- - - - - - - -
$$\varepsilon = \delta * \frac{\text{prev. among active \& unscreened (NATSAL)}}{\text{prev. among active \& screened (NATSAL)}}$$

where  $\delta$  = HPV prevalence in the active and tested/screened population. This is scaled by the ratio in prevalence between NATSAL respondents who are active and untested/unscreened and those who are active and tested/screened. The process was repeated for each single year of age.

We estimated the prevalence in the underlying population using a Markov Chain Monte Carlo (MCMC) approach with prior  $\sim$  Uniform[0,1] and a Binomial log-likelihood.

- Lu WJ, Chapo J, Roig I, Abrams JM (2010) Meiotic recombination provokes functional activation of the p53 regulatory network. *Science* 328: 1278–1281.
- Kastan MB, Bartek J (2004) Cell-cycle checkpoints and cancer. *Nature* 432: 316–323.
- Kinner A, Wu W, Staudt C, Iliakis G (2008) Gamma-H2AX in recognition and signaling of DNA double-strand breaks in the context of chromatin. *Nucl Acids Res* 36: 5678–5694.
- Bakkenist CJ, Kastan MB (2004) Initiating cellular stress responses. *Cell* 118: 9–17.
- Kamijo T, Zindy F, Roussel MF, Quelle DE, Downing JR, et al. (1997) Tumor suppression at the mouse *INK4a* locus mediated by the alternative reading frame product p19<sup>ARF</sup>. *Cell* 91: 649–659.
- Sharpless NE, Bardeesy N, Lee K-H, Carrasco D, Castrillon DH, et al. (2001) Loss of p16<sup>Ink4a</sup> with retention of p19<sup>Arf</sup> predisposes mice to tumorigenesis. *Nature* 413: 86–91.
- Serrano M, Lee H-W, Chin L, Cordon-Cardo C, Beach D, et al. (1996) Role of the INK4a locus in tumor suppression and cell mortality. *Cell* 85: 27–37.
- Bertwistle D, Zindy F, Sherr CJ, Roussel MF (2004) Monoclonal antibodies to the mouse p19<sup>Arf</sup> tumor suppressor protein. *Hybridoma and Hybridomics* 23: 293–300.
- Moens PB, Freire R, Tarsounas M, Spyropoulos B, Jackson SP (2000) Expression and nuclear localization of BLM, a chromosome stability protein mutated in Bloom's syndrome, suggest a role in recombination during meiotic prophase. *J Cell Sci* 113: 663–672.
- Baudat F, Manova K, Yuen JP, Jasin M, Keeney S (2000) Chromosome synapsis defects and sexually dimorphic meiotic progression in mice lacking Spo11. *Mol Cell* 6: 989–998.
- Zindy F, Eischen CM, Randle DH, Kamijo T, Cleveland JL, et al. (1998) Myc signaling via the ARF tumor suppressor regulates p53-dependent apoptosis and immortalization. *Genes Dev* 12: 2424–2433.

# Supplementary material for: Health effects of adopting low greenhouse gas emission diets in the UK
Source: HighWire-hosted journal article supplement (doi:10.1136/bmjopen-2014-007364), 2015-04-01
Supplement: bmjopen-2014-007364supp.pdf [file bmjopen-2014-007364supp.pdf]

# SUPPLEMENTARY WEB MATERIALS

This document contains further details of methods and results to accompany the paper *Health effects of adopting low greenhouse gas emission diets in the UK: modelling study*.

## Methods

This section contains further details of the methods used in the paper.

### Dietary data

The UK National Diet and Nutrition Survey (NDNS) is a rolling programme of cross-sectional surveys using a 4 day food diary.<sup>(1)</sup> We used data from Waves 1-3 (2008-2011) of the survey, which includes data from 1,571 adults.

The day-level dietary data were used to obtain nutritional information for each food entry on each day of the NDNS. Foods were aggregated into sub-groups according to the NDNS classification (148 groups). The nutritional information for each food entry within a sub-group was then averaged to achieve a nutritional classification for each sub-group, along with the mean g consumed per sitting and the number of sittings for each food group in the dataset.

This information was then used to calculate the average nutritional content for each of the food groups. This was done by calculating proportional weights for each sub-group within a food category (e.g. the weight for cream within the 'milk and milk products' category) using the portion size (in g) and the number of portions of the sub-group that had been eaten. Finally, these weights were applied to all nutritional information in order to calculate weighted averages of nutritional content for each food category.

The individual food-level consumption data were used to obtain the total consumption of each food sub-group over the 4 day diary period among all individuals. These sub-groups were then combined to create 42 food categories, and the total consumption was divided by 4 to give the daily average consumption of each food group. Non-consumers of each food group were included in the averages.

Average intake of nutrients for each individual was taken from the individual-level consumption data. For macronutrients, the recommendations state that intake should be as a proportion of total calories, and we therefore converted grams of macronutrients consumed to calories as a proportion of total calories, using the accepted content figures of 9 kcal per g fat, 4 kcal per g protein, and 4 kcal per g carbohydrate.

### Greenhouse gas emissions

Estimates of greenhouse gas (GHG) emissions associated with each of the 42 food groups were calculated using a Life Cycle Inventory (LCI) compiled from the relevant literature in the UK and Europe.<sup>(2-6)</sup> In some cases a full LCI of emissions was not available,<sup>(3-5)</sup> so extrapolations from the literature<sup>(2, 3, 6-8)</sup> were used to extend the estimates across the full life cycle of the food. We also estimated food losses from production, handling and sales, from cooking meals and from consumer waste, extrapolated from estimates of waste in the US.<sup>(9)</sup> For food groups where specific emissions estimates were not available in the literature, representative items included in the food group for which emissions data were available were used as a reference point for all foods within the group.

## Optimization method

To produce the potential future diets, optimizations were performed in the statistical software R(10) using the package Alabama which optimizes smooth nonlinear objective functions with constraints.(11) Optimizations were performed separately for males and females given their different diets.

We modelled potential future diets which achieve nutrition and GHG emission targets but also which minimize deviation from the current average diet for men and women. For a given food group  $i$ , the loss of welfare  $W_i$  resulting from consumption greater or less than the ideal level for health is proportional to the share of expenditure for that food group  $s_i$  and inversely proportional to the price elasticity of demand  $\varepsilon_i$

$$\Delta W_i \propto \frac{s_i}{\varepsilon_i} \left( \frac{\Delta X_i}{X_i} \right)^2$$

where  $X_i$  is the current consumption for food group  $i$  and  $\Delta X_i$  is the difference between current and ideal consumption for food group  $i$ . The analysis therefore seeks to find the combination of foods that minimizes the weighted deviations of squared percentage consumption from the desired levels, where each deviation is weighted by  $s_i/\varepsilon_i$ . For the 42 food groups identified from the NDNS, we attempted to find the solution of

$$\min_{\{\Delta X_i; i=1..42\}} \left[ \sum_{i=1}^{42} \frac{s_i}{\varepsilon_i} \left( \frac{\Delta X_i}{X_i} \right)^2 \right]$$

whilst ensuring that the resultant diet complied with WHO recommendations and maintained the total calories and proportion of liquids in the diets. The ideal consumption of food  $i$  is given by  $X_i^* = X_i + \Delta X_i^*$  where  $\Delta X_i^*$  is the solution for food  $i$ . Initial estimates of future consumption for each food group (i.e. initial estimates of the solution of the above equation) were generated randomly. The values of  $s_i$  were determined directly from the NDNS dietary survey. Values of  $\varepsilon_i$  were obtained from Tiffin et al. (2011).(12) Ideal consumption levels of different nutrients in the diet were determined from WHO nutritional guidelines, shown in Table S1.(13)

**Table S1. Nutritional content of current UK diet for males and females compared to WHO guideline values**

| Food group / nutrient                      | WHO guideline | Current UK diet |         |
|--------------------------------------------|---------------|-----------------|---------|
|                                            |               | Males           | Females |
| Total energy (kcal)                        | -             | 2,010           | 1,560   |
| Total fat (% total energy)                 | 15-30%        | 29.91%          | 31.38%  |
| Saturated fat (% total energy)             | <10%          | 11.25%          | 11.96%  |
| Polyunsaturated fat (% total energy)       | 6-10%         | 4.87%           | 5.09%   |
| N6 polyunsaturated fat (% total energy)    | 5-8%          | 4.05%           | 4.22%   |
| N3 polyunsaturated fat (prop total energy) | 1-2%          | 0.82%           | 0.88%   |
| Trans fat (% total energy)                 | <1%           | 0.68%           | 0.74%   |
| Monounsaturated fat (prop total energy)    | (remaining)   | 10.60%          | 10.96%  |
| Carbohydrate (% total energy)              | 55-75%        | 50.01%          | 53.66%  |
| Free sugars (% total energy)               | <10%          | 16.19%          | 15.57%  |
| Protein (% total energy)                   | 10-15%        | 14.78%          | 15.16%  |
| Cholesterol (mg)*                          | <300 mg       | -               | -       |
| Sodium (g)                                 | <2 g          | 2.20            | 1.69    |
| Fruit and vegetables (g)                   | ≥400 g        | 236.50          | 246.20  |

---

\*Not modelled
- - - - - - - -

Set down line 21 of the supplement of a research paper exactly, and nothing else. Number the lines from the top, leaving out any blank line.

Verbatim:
This section contains further details of the methods used in the paper.